The low Early Triassic richness and delayed Middle Triassic recovery of marine and terrestrial ecosystems (including vertebrates) have been attributed to extrinsic effects such as volcanic activity and/or further greenhouse warming [10,14], because the post-extinction interval is associated with multiple major perturbations of the carbon cycle [6] (figure 2). However, modelling demonstrates that this delayed recovery can be explained largely from intrinsic ecosystem properties [63]. Rather than explaining it as evidence of palaeoenvironmental change, Whiteside & Ward [8] recently proposed that these Early Triassic positive and negative excursion couplets in the carbon cycle (‘chaotic carbon intervals’) record the instability of the ecosystem itself, whereby the abundance of a small number of disaster taxa and low redundancy of trophic links in the ecosystem lead to boom–bust cycles, which are manifested in the carbon cycle through changes in productivity. This hypothesis matches well with the marine invertebrate record [6,8], though there are alternative hypotheses for the correlation between carbon cycling and diversity [7], and differing explanations for this chaotic carbon pattern are not necessarily exclusive. Almost certainly, some component of these fluctuations reflects initial CO2 output from flood basalt eruption, and subsequent atmospheric CO2 consumption by weathering of these basalts [68]. However, this cannot explain the longer-term multi-million year variation in the carbon cycle, long after basalt eruptions stopped and flows were buried.

Our non-marine tetrapod data are fully consistent with the chaotic carbon hypothesis. The prevalence of disaster taxa, low richness and low evenness in the Early Triassic, along with the low diversity of producers (i.e. plants), would have made this unstable ecosystem susceptible to boom–bust cycles and further extinctions [17,64]. This compares well with available terrestrial carbon isotopic records (figure 2), which, like those from marine strata, display multiple perturbations during the Early Triassic [14,42,43]. These carbon isotope records stabilize during the Middle Triassic, the same time that our non-marine vertebrate data show a full recovery in evenness, partial recovery of richness and major changes in relative abundance (figures 2 and 3). We suspect that the perturbations of the terrestrial carbon cycle reflect at least in part an unstable ecosystem, recorded by the low richness and evenness of Early Triassic non-marine vertebrates and plants. Though we cannot use this correlation to directly infer causation, our hypothesis that post-extinction terrestrial ecosystems suffered from instability as a result of loss of redundant trophic links is strongly supported by ecological modelling of vertebrate food webs for Late Permian and Triassic assemblages from southern Africa [16,17]. These models demonstrate that Early Triassic ecosystems were significantly more unstable than those of pre-extinction assemblages because low diversity and evenness meant fewer redundant trophic links [17], particularly in the disappearance of small to medium-sized herbivores [69]. This fits well with the chaotic carbon hypothesis proposed by Whiteside & Ward [8]. Future comparisons of the non-marine vertebrate record with the carbon cycle to test this hypothesis will benefit from more accurate and precise geochronological resolution, both internal to the study area(s) and in correlation with the marine record.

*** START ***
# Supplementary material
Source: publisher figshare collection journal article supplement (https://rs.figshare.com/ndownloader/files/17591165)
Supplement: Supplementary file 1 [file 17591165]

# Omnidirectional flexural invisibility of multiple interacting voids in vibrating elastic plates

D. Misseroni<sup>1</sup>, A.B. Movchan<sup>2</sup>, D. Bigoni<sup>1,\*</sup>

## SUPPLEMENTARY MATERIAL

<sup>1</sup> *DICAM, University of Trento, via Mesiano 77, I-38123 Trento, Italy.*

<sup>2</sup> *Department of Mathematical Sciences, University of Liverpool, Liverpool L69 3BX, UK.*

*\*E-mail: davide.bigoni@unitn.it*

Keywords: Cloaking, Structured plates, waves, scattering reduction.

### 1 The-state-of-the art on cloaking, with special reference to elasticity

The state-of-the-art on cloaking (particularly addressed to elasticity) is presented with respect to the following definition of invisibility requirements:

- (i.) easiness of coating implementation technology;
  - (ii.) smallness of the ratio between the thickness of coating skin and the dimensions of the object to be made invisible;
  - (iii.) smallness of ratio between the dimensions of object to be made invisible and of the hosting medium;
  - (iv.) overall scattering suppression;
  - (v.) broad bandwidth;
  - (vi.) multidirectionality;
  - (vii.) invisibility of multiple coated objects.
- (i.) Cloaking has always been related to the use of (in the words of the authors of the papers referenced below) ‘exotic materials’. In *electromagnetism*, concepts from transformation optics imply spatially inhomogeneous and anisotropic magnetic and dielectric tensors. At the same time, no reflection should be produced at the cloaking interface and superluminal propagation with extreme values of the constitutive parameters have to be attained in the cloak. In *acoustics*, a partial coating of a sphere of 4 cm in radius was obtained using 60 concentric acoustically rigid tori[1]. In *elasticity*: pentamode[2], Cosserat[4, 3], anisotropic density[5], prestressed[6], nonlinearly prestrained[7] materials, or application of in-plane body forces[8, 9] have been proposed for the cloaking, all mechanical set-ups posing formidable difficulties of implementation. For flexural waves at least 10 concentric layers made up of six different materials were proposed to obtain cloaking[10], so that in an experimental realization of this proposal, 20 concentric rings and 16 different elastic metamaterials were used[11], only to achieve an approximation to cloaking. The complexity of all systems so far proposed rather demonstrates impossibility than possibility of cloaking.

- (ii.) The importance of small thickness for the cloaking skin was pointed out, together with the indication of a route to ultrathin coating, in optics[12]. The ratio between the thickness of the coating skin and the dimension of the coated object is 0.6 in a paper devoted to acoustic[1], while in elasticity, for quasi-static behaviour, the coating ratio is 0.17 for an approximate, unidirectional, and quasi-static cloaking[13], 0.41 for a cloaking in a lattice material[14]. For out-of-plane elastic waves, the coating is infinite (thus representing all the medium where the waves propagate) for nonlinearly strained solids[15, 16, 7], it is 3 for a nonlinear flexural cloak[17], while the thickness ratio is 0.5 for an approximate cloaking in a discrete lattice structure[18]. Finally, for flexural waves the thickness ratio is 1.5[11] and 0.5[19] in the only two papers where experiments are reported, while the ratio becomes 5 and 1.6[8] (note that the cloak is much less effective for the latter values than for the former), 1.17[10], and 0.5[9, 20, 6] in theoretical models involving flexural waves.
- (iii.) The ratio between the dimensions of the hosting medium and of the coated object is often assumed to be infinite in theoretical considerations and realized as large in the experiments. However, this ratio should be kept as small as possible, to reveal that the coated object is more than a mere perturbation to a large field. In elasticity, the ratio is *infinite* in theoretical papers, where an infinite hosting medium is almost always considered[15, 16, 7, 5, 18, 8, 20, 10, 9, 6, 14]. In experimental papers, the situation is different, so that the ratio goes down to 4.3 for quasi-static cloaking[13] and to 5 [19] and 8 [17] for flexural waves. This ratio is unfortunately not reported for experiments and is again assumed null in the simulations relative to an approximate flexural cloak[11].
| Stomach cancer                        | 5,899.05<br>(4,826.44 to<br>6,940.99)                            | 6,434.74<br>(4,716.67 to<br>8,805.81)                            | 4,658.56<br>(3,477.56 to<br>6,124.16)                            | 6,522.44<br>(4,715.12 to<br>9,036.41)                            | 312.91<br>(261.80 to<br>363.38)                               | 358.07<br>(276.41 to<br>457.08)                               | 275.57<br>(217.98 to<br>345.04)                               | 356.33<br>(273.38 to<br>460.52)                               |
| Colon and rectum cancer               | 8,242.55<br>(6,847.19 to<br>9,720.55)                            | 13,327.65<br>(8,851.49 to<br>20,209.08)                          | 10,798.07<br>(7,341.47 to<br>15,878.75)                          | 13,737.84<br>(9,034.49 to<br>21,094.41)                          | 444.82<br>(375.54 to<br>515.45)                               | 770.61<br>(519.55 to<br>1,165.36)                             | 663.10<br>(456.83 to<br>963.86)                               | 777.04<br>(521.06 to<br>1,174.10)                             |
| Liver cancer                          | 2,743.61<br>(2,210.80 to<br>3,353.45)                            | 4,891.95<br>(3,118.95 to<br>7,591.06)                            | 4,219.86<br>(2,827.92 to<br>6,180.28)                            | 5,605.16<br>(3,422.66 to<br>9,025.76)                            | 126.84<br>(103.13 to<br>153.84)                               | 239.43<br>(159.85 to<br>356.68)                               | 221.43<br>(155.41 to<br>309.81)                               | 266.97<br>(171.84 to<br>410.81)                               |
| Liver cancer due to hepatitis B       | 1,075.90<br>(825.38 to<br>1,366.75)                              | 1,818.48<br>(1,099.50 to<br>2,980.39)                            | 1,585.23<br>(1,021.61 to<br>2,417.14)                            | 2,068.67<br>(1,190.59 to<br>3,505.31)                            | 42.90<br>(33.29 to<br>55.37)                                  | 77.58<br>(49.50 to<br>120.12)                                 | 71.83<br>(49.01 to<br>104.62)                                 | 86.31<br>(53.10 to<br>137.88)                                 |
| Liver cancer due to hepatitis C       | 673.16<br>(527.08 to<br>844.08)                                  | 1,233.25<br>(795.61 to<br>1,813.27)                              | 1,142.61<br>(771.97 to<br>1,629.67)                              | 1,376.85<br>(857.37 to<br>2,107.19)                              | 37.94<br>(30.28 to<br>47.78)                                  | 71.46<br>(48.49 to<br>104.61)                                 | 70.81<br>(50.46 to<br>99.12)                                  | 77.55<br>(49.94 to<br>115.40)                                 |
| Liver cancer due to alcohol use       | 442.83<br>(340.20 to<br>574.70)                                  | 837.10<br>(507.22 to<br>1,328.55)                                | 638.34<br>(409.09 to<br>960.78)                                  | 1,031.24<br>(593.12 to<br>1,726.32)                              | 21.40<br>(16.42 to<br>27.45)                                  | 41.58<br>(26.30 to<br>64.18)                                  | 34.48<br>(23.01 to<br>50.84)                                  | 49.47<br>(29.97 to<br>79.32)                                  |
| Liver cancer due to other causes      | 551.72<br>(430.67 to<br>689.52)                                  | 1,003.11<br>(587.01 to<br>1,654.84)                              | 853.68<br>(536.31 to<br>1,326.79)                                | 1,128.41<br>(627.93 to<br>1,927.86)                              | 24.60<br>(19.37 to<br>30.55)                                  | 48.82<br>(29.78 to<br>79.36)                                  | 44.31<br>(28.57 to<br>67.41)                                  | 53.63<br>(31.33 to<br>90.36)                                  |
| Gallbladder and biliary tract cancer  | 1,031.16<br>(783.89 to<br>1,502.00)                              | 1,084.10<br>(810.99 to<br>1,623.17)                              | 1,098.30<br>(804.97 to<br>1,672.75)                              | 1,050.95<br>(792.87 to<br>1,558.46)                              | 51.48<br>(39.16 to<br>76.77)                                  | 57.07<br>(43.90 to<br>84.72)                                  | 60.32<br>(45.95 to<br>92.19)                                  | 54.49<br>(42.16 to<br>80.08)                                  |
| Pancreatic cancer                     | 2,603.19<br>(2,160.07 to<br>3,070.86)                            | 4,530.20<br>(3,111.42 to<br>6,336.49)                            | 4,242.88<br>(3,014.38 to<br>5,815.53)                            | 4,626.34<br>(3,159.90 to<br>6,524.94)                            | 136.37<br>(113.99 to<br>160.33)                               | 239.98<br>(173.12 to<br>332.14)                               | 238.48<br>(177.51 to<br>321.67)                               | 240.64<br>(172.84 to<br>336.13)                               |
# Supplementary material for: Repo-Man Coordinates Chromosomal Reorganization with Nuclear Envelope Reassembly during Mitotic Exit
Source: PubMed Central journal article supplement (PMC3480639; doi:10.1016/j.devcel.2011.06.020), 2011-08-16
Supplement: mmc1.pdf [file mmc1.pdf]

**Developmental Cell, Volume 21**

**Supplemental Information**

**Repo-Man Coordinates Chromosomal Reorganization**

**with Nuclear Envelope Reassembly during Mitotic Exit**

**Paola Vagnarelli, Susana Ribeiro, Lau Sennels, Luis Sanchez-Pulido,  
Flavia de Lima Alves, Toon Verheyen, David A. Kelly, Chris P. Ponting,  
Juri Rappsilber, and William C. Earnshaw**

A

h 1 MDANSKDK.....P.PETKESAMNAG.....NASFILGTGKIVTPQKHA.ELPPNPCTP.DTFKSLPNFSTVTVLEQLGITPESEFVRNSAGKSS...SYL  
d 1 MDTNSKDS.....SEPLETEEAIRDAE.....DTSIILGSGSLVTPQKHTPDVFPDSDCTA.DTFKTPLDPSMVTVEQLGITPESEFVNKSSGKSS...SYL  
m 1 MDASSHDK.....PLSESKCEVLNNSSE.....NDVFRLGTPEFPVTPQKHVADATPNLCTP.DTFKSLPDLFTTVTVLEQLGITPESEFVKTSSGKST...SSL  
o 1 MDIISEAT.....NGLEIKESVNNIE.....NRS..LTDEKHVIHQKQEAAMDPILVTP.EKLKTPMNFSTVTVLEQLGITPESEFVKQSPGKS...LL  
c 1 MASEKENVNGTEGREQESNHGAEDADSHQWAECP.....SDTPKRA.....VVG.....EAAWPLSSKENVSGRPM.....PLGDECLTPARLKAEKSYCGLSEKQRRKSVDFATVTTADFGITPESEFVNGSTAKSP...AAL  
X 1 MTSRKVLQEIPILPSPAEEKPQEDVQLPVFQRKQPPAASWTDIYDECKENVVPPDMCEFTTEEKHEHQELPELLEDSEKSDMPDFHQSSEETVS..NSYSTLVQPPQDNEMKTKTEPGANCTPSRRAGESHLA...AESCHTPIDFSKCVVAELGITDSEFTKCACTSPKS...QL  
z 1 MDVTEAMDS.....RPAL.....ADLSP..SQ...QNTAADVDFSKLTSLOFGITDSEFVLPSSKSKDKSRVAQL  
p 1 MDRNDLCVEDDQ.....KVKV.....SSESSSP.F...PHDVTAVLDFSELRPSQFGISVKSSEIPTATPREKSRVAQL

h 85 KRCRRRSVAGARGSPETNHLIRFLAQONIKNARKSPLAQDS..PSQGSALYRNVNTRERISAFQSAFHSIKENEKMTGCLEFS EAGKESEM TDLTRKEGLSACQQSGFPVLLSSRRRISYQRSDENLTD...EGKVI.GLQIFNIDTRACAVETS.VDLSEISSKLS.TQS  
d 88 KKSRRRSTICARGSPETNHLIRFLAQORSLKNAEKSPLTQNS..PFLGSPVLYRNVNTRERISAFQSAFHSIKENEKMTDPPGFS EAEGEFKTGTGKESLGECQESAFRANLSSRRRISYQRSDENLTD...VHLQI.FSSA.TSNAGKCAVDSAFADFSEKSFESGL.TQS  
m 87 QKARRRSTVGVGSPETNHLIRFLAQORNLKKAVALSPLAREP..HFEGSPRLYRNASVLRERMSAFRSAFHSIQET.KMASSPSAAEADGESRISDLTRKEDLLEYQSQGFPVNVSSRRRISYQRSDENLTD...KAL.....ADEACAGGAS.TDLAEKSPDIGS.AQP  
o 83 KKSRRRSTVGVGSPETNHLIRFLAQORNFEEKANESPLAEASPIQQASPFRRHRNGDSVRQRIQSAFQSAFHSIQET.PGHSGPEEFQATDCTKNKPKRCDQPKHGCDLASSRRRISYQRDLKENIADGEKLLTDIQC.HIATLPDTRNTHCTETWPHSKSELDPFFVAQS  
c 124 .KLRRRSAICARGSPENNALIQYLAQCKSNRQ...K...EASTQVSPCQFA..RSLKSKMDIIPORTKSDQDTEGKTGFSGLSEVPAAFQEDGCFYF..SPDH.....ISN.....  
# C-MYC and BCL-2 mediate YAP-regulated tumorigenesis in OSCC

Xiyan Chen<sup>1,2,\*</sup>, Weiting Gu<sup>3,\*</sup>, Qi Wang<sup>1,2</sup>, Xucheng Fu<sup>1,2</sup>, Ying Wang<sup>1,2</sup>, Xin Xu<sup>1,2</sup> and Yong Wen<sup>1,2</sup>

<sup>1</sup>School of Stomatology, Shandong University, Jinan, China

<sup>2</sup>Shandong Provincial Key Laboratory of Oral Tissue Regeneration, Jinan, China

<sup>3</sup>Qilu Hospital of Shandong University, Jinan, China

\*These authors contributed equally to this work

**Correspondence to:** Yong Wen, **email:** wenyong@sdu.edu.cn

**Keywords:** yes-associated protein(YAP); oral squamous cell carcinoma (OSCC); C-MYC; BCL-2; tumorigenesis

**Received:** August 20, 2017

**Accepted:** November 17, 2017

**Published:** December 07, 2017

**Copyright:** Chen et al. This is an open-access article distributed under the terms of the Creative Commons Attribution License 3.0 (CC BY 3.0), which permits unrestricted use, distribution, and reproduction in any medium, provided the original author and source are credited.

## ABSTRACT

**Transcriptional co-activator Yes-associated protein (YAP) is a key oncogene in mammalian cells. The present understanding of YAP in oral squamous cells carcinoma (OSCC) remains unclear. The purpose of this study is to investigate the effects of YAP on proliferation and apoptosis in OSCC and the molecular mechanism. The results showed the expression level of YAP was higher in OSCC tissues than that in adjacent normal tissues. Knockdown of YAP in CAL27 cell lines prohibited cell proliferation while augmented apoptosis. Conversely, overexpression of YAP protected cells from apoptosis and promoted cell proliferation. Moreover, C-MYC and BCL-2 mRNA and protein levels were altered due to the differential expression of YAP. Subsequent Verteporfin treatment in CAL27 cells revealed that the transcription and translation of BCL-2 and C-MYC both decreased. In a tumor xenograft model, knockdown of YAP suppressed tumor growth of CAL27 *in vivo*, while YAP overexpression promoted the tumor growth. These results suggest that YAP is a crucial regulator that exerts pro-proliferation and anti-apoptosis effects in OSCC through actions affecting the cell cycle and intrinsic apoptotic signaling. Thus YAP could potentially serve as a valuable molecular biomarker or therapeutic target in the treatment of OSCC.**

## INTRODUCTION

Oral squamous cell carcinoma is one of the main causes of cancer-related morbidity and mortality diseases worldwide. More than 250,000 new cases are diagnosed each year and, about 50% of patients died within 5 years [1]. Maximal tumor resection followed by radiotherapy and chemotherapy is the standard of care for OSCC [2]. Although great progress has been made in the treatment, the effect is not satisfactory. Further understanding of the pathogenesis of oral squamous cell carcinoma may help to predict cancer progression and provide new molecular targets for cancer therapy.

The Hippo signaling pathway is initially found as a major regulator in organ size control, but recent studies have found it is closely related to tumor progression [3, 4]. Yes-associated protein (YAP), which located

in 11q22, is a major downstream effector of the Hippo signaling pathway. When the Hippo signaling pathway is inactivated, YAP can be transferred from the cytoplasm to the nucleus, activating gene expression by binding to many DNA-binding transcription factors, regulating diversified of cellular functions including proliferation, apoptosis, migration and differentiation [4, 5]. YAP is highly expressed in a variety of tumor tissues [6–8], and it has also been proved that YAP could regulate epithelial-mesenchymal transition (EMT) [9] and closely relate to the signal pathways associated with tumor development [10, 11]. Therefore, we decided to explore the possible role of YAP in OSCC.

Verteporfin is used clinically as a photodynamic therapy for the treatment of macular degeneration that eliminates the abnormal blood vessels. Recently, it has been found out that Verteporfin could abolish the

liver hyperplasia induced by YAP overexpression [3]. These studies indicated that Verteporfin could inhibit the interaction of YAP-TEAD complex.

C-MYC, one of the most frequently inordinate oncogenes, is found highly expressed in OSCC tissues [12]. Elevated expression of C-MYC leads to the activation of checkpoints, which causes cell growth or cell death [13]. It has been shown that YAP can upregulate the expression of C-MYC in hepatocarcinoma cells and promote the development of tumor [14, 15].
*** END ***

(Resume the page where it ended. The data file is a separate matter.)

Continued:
We thank E. B. Davis, P. A. Holroyd, C. Janis, C. A. Sidor and P. W. Ward for discussions related to this study. E. B. Davis provided advice on statistical measures for evenness, and J. L. Payne kindly shared the data files for the carbon isotope record from South China. E. B. Davis and C. F. Kammerer provided extremely valuable comments on an early version of this manuscript. Reviews by Ken Angielczyk and an anonymous referee greatly improved the final paper. Funding for this study was provided by the University of Utah (R.B.I.) and US National Science Foundation grant EAR 0801138 (J.H.W.). Open access was provided through an award from the University of Utah J. Willard Marriott Library Open Access Publishing Fund.

  • Received September 13, 2011.
  • Accepted October 6, 2011.

This is an open-access article distributed under the terms of the Creative Commons Attribution License, which permits unrestricted use, distribution, and reproduction in any medium, provided the original work is properly cited.


View Abstract